Round 1 Shallow Water Contracts & Nightmare Compliance Provisions

The Secretary of Energy (SENER) and National Hydrocarbons Commission (CNH) released draft contracts and other information related to the Round 1 bidding on shallow water projects.

Round 1 Basics

Here is a map of the shallow water locations up for bidding:


The Round 1 process will take place over the next 8 months, ending in August. Here is a timeline (only in Spanish)


Compliance Provisions 

The model contracts contain compliance provisions on anti-bribery and conflict of interest. Here are the compliance provisions (SENER’s unofficial English translation):


32.1 Conduct of the Contractor and its Affiliates. The Contractor represents
and warrants that it and its Affiliates directors, officers, advisers, employees and personnel have not made, offered or authorized, and will not make, offer or authorize at any time any payment, gift, promise or other advantage, directly or through any other Person, for the use or benefit of any public official or any political party, official of a political party or candidate for any political office, for the purpose of: (i) influencing any decision or omission by a public official, political party or candidate, (ii) obtaining or maintaining this Contract or any other business, (iii) approving any Recoverable Cost, or (iv) ensuring any other illegal benefit or advantage for the Contractor, its Affiliates, its shareholders or any other Person. Furthermore, the Contractor shall ensure that it and its Affiliates (a) will conform to and comply with any anti-bribery laws and regulations applicable to them and (b) will establish and maintain adequate internal controls for compliance with the terms of this Article 32.1.

32.2 Notice of Investigation. The Contractor shall notify CNH and any other
competent Governmental Authority: (i) immediately upon becoming aware, or having sufficient reason to assume, that any act contravening the provisions of Article 32.1 has occurred, and (ii) within five (5) Days of gaining knowledge of any investigation or process initiated by any Mexican or foreign authority related to any alleged act that would violate the provisions of this Article 32. In addition, the Contractor shall keep CNH informed of the progress of the investigation and process through its conclusion.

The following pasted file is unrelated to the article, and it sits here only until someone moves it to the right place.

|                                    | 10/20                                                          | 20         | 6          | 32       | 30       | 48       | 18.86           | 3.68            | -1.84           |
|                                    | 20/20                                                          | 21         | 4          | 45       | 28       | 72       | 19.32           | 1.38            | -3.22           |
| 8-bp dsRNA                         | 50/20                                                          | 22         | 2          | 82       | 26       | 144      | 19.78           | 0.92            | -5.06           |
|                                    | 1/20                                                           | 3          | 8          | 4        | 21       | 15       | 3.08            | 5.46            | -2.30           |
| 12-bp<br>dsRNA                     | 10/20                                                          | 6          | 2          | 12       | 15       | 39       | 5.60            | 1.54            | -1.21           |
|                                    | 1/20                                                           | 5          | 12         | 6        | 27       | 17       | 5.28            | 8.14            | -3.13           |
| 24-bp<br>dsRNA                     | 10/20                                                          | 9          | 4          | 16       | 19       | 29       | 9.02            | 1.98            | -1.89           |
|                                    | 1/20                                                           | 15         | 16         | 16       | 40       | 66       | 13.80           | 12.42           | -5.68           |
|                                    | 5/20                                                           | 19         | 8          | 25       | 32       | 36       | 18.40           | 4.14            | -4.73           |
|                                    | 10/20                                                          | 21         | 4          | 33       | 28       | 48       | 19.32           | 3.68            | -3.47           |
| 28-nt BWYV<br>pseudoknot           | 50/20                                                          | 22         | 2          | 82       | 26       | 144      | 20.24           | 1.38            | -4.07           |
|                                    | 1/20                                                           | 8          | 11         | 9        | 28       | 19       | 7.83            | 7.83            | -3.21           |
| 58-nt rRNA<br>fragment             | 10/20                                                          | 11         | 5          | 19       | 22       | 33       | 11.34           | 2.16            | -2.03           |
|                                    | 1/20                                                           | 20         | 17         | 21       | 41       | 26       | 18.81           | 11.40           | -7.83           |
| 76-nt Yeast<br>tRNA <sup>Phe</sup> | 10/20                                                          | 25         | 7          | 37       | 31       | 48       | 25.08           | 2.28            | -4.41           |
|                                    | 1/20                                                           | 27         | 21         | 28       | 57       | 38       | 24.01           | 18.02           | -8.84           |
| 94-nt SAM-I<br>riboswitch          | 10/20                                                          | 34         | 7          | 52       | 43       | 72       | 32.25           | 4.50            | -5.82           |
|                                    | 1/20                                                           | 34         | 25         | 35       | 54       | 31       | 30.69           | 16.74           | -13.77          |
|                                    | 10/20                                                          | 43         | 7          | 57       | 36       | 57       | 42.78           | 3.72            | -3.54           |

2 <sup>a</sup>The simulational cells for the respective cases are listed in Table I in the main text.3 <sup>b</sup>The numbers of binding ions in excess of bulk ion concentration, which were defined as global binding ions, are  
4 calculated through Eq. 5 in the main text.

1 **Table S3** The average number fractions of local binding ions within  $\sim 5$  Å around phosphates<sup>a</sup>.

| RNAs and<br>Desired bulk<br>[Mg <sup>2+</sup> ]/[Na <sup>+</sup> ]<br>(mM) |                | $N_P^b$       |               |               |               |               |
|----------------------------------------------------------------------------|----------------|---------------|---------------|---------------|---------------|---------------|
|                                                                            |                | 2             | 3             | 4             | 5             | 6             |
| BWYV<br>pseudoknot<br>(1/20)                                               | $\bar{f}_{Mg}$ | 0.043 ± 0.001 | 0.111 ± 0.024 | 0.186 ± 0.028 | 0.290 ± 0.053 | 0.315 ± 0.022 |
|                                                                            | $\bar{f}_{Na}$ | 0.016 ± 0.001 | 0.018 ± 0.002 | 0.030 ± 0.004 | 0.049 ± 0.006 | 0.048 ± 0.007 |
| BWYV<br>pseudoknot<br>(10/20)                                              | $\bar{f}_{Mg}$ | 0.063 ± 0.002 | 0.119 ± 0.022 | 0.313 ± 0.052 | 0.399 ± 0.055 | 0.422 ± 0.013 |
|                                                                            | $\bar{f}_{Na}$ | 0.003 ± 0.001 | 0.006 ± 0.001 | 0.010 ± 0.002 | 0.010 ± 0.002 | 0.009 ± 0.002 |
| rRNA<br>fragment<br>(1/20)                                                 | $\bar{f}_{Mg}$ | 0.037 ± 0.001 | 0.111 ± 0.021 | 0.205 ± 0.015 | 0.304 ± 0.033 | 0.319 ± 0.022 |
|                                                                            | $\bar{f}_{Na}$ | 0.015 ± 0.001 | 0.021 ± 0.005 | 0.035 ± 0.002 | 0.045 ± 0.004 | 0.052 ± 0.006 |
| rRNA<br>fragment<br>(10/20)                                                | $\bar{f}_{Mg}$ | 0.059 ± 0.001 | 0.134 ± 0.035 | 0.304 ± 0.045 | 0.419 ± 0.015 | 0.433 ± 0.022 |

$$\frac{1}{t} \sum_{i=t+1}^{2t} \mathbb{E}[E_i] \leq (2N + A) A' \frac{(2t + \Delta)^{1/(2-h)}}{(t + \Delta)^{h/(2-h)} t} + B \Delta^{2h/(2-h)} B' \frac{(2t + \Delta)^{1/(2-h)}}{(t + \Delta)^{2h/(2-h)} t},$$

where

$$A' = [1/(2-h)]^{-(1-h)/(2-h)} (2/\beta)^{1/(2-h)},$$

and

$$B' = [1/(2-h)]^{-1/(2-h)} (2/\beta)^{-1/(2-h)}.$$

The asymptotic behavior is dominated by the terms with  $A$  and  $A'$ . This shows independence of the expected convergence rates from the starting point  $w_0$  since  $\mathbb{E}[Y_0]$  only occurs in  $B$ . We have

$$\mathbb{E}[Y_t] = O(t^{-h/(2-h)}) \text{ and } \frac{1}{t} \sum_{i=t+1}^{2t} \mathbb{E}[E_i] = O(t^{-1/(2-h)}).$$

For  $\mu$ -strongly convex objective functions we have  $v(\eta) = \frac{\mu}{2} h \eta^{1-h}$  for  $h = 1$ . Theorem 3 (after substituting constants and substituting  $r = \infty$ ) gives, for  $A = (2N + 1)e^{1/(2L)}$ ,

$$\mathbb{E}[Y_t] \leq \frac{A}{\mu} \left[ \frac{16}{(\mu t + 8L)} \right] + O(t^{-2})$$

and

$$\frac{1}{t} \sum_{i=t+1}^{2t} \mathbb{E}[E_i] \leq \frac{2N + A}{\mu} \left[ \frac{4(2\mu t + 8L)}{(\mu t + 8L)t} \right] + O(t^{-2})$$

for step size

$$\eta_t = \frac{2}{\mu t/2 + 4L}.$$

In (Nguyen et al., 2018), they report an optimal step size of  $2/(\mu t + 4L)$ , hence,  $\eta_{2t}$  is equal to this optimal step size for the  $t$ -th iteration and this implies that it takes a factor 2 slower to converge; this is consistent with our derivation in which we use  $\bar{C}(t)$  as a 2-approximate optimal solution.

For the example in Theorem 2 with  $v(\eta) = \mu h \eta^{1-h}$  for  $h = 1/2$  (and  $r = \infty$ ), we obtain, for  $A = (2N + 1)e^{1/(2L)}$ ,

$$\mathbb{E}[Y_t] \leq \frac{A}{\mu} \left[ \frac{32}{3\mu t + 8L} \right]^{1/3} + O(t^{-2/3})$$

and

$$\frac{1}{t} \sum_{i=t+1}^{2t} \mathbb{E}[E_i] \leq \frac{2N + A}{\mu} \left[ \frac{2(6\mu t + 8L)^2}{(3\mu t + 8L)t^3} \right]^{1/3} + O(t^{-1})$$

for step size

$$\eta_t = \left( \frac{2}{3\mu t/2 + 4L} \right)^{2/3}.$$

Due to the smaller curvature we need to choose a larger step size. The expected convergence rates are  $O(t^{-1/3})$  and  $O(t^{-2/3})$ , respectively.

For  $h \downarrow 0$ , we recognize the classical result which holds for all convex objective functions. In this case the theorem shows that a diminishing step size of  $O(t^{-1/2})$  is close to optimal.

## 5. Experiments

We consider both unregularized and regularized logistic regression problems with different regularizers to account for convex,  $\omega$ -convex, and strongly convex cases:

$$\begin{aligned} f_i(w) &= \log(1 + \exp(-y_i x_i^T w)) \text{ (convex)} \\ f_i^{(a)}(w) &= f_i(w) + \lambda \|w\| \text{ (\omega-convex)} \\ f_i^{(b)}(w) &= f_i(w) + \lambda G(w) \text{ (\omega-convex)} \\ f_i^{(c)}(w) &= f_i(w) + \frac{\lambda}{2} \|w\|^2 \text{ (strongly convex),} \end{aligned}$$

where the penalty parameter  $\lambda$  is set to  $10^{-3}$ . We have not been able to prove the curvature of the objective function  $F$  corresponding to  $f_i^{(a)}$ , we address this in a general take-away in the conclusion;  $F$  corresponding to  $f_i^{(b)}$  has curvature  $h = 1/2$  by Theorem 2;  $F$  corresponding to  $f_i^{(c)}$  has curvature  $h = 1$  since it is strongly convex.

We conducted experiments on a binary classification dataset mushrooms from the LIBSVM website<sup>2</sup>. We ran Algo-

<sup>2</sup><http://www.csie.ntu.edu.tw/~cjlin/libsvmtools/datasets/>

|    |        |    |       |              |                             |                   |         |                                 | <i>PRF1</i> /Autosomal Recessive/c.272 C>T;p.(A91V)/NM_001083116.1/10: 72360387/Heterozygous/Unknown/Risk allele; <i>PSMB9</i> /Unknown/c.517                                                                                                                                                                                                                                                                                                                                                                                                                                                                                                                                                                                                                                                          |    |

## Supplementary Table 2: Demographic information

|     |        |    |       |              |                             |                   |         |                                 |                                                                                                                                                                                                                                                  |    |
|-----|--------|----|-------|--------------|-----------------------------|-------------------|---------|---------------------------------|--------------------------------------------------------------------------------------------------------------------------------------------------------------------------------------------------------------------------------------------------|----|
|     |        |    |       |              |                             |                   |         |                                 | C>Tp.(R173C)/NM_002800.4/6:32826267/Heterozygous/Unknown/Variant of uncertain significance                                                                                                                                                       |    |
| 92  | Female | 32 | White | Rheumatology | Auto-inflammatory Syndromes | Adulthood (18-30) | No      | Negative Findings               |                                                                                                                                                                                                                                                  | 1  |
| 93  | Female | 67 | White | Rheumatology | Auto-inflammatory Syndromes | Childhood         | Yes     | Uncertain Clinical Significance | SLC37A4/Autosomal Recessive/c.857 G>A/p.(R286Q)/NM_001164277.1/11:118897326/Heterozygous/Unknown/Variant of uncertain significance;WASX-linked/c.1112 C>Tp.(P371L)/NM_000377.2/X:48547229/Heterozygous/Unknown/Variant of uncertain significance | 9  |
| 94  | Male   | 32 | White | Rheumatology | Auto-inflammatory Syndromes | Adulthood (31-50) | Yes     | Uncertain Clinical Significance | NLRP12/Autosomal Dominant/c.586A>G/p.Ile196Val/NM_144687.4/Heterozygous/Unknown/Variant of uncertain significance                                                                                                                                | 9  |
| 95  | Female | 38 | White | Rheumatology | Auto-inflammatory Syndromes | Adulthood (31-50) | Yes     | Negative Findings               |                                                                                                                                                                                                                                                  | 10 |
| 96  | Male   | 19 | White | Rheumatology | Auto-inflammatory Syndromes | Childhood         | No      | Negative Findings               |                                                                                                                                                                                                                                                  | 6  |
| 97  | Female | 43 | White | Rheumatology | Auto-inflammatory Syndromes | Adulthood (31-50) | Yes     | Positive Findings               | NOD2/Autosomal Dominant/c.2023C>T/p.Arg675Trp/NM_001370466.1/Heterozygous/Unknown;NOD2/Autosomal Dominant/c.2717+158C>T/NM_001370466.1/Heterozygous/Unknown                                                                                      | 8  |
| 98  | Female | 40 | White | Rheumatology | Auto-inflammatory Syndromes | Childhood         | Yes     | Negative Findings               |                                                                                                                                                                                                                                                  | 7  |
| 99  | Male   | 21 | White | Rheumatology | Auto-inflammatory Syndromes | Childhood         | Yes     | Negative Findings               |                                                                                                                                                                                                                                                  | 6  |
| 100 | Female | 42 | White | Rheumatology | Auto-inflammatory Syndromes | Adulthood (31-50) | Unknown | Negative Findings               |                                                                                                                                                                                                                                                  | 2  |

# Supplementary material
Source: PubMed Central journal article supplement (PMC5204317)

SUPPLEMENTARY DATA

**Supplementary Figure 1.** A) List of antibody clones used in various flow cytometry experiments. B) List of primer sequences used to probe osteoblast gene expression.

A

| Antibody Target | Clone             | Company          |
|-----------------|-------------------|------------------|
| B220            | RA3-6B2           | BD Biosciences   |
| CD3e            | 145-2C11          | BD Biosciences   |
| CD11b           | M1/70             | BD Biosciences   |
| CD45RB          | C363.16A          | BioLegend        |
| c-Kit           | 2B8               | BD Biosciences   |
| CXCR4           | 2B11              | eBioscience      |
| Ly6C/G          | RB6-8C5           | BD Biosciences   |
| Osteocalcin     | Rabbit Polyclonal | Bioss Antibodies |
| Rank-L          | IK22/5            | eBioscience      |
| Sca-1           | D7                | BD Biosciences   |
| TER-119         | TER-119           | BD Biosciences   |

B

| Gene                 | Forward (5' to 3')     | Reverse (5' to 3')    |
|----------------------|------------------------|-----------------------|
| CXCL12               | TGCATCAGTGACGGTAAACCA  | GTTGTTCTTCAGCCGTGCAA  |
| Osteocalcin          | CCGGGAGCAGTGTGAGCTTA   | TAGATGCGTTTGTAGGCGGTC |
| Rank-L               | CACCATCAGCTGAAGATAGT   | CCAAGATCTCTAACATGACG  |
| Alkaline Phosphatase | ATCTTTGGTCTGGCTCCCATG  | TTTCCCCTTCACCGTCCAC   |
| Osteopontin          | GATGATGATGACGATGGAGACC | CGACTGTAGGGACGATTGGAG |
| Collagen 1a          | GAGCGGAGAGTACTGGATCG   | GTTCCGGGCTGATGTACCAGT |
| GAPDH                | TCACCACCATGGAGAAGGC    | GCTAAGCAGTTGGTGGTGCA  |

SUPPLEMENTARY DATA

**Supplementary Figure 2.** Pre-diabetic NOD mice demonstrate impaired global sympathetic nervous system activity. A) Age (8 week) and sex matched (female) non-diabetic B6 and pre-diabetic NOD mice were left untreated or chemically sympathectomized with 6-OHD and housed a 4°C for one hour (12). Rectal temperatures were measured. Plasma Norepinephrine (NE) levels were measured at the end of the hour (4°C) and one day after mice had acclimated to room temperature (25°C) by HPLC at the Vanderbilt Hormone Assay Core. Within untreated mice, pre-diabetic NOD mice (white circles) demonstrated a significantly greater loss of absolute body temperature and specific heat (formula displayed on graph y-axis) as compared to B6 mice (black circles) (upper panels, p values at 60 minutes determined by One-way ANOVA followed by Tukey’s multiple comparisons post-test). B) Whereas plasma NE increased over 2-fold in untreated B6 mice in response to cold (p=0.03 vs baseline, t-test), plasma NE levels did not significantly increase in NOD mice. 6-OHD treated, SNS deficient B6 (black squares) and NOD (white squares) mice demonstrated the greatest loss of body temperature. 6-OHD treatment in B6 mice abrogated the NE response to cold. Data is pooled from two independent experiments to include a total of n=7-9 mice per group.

32.3 Conflict of Interest. The Contractor agrees not to incur any conflict
between its own interests (including those of its shareholders, its Affiliates and the shareholders of its Affiliates) and the interests of the Mexican State in dealings with Subcontractors, customers and any other organization or individual that conducts business with the Contractor (including its shareholders, its Affiliates and the shareholders of its Affiliates) with respect to the Contractors obligations under this Contract.

Under Article 23(2)(i), the CNH has grounds for rescinding the contract if the contractor violates any of the compliance provisions in Article 32. If the contract is rescinded, the contractor loses its right to conduct petroleum activities in the area, must pay liquidated damages to the government (essentially equal to cost of completing the project), and loses the right to receive payments in relation to the contractor’s petroleum activities.

Significantly, companies acting as members of a consortium will face the same consequences if any one of the consortium’s members violates the compliance provisions.

Analysis of Impact

Anti-Bribery Commitments

The compliance provisions in the model contracts are interesting. The most striking characteristic is how broad they are. The representations and warranties about no improper payments does refer to the specific contract, but also includes ‘catch-all’ language that in principle applies to improper payments for any purpose. The Spanish language version could not be interpreted differently. It is unclear whether SENER intended to be so expansive with this provision. Most likely, they are more concerned with ensuring the integrity of the bidding process and the work performance for the contract.

Internal Controls Requirements

Similarly, the ‘internal controls’ requirement can be interpreted quite broadly. Contractors must ensure adequate controls are in place at its ‘affiliates’ (filiales), which is defined as “with respect to any Person, any other Person that directly or indirectly Controls, is Controlled by, or is under common Control with such Person.” So, Mexican subsidiaries of foreign companies must ensure adequate internal controls at its foreign parent and at other subsidiaries under that parent’s control? As for joint ventures or consortia where a company has a non-controlling interest, we already know that such a minority interest company faces joint liability if its partners violate the compliance provisions.